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Tuesday, June 12, 2012

Mola Reverse Applique

On Saturday mornings we shop in the Adelaide Central Market. We rarely miss. We have breakfast there, usually with friends, before shopping. A couple of weekends ago, however, I made an exception. We went to the market during the week so I could go to an Embroiderers' Guild of South Australia class in mola - reverse applique embroidery.

I enrolled in a Mola class once before, but the class was cancelled for lack of numbers. This time I was in luck. Barbara Mullens was teaching the class for the Certificate Group at the Guild, and members are free to join in. Saturday morning saw me iron my two A4 size pieces of bright cotton, a pile of smaller pieces of bright cotton in other colours, gather my sharp scissors, cottons and needles and head off to class.

Barbara provided us with a simple design of a bird.

We traced it on to our top layer of fabric with the aid of a light table, put our two layers of fabric together, tacked around the bird shape and cut it out. We then turned the edge under, about 3-4 cm at a time and slip-stitched it down, exposing the layer beneath. 

We repeated the process with the wing shape on the cut-out piece, placing two different coloured pieces of fabric underneath to show through when the wing shape was cut out. This time there were two layers to turn under and stitch down to create a wing. We then re-inserted the cut-out bird in the  exposed shape, turning its edges and applique-ing it down.

 About where we were by the end of the day.
The straight lines on the design are slits. You tack around them, cut them, turn the edges under and form oval shapes of varying sizes. You then use your imagination to cut other shapes around the design, to expose the colour of the second layer, or by inserting small pieces of fabric under each area of the design, you can introduce new colours.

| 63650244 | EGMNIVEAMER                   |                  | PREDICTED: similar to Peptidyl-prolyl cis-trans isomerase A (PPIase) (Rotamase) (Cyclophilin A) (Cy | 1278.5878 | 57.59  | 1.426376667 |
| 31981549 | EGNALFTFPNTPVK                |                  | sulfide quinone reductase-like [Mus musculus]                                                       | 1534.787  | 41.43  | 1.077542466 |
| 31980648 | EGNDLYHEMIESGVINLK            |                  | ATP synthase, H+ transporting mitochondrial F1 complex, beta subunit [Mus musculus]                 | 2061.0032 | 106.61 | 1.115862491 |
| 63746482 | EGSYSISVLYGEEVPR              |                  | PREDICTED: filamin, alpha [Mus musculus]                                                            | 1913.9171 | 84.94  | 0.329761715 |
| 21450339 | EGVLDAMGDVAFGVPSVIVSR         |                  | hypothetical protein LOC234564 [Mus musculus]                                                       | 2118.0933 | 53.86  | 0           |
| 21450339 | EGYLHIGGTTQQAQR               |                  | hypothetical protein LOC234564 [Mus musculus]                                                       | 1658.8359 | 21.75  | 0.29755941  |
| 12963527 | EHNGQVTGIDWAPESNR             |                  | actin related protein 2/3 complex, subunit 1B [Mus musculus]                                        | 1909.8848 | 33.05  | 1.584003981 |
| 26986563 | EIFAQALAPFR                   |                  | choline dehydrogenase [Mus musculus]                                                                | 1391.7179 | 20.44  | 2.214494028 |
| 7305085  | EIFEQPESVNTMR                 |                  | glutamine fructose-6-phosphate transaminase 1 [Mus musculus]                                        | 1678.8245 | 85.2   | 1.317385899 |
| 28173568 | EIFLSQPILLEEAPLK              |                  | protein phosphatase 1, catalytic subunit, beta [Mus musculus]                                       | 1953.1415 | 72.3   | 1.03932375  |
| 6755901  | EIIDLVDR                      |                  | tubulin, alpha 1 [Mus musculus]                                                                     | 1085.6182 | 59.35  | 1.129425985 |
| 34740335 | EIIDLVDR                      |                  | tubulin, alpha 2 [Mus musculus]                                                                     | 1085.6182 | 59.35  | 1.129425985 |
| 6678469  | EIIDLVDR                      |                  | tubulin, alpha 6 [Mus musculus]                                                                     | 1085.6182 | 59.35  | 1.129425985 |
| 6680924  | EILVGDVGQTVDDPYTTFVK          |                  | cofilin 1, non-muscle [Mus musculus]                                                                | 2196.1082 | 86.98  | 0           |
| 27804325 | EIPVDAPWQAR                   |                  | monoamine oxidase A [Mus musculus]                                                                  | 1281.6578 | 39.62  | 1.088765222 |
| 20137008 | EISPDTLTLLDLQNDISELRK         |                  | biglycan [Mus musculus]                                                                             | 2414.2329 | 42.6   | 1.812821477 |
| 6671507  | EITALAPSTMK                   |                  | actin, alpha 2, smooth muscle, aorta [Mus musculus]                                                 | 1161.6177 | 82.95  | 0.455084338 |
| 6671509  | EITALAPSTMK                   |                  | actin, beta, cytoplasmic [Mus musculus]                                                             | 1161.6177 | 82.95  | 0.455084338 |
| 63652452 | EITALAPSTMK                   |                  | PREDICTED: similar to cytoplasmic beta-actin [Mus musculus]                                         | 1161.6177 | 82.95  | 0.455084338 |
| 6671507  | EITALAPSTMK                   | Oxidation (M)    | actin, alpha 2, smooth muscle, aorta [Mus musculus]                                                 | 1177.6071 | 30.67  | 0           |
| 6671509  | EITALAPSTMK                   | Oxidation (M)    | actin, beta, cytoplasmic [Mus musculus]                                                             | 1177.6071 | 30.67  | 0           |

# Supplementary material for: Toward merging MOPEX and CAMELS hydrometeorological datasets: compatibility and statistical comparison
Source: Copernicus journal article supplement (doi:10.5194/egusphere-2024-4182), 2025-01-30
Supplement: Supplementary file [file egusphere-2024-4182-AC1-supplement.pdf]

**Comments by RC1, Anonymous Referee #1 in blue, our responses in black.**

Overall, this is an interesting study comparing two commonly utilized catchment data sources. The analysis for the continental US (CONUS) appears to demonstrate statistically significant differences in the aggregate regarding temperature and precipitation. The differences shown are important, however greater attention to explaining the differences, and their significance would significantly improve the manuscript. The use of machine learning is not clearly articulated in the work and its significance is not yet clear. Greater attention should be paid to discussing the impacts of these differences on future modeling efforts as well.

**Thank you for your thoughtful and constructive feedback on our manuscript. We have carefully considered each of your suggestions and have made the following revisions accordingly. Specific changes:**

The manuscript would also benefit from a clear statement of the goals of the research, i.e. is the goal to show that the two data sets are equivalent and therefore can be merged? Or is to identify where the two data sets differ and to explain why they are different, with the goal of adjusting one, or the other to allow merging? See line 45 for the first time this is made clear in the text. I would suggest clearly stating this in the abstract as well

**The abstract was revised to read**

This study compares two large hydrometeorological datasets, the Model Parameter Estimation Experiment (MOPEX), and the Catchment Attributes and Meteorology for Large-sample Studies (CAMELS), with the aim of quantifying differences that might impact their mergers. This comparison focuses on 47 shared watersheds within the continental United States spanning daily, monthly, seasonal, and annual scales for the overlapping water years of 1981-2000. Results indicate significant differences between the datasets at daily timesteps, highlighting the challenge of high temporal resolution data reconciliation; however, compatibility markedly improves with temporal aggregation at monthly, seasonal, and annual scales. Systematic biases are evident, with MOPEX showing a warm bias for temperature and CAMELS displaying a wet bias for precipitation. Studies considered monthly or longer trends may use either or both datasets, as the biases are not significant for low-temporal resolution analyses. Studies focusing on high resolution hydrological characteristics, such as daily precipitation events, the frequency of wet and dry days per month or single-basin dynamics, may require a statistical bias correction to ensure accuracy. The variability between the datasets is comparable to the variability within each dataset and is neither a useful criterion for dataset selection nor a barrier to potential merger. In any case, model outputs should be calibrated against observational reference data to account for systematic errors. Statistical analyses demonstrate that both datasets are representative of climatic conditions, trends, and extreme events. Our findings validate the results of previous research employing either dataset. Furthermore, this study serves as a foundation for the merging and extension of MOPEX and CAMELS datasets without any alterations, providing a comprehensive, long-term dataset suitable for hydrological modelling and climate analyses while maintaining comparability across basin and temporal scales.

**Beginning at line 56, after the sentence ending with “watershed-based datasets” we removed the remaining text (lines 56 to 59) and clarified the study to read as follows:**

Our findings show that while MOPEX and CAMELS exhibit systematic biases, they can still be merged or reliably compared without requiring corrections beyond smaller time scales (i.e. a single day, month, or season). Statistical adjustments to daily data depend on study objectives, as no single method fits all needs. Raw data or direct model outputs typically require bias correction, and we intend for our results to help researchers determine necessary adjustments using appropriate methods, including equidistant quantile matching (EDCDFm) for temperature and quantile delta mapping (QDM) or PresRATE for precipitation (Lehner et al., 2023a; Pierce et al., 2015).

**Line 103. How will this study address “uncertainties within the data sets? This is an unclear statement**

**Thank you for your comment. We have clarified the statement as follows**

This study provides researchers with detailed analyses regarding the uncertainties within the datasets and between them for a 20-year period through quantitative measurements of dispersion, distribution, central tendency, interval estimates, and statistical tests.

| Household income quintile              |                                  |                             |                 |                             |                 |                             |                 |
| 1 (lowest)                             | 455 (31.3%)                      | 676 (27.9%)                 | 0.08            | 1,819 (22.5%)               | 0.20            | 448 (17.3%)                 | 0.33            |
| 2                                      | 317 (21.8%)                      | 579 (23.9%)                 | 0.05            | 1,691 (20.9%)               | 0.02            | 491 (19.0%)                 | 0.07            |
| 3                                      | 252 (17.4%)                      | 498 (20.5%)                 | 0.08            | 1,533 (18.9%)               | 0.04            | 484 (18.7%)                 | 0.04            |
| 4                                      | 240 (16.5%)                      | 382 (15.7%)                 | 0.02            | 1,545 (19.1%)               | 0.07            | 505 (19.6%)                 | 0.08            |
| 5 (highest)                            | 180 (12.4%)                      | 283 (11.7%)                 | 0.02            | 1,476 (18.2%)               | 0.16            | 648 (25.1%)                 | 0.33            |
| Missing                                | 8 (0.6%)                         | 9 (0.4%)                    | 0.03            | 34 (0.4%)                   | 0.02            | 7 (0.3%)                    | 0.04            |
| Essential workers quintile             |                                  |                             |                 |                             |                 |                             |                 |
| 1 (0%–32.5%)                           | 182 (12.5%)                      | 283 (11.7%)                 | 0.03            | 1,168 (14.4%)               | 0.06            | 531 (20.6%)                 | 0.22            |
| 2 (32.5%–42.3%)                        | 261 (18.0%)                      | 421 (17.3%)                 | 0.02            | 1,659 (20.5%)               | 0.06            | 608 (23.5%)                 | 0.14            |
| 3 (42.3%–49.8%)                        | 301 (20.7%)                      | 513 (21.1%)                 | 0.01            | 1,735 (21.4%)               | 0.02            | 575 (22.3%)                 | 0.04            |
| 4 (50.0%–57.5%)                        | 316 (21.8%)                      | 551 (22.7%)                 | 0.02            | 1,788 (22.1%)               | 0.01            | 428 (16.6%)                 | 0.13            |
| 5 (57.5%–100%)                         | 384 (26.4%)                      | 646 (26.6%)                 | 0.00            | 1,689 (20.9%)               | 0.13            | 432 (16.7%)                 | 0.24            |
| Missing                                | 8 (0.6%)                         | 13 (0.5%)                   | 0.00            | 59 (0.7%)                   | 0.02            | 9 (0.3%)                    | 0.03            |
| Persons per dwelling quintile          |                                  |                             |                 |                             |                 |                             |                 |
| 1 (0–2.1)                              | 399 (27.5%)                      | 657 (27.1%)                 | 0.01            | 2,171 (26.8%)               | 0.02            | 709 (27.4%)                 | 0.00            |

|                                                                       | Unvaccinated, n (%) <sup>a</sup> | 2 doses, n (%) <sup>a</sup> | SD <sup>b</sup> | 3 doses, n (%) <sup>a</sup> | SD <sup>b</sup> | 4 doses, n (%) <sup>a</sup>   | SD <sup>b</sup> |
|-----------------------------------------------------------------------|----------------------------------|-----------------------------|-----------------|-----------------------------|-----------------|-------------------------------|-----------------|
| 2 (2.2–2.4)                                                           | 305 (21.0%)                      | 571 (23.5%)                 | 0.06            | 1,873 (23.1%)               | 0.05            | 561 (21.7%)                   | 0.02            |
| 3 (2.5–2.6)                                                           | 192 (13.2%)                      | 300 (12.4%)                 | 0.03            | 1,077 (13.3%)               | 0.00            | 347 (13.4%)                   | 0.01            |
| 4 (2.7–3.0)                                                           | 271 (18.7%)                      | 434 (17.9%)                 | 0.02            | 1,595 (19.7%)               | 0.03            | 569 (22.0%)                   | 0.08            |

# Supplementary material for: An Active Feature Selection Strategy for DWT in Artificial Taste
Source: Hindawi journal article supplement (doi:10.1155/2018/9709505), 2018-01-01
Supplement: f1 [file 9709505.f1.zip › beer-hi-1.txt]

The pale pink is out of place - bold colours rule!
It was a lot of fun. The group was a very mixed one - I wouldn't have been the oldest and, because it is the certificate course, there were plenty of younger women. 

 I worked on my piece all the following week, experimenting with inserts of fabric and shapes, before moving on to embroidery over the top.

I followed Barbara Mullen's example in her sample piece, and applied a third layer (mine is yellow) to the back, and cut through to that in a few places.

I particularly enjoyed the running stitch embellishment, and using feather stitch to try to get a tail on the bird.

I haven't finally decided what to do with it - since I don't want to file it as my record of work, as certificate students must. Although it would go well on a bag, I might just make it into a small cushion and put it where I can admire it every day!


Karyn said...

That is a new technique that i have neevr seen before. The possibilities of what yu could do with it are endless aren't they?
Your bird looks very bright and happy!

Monica said...

I have always thought this would be a fun technique, but I have to say, it looks like a lot of work, too!

Is it difficult to do the applique stitch when you have cut through several layers?

Jillian said...

No, Monica, doing the stitch isn't so hard. What is tricky, though, is giving yourself enough room to turn the edge under and stitch. To expose my third (yellow) layer, I had to cut through my top (purple)) layer and my blue middle layer, stitch the blue edge to the yellow fabric then turn an edge on the purple and stitch to the blue. You have to make sure the shape you cut will allow you to turn an edge on each layer . That way you are only ever stitching two layers together.

Monica said...

Oh! So it IS a lot of work, then! I don't think I'll be trying that one any time soon. ;)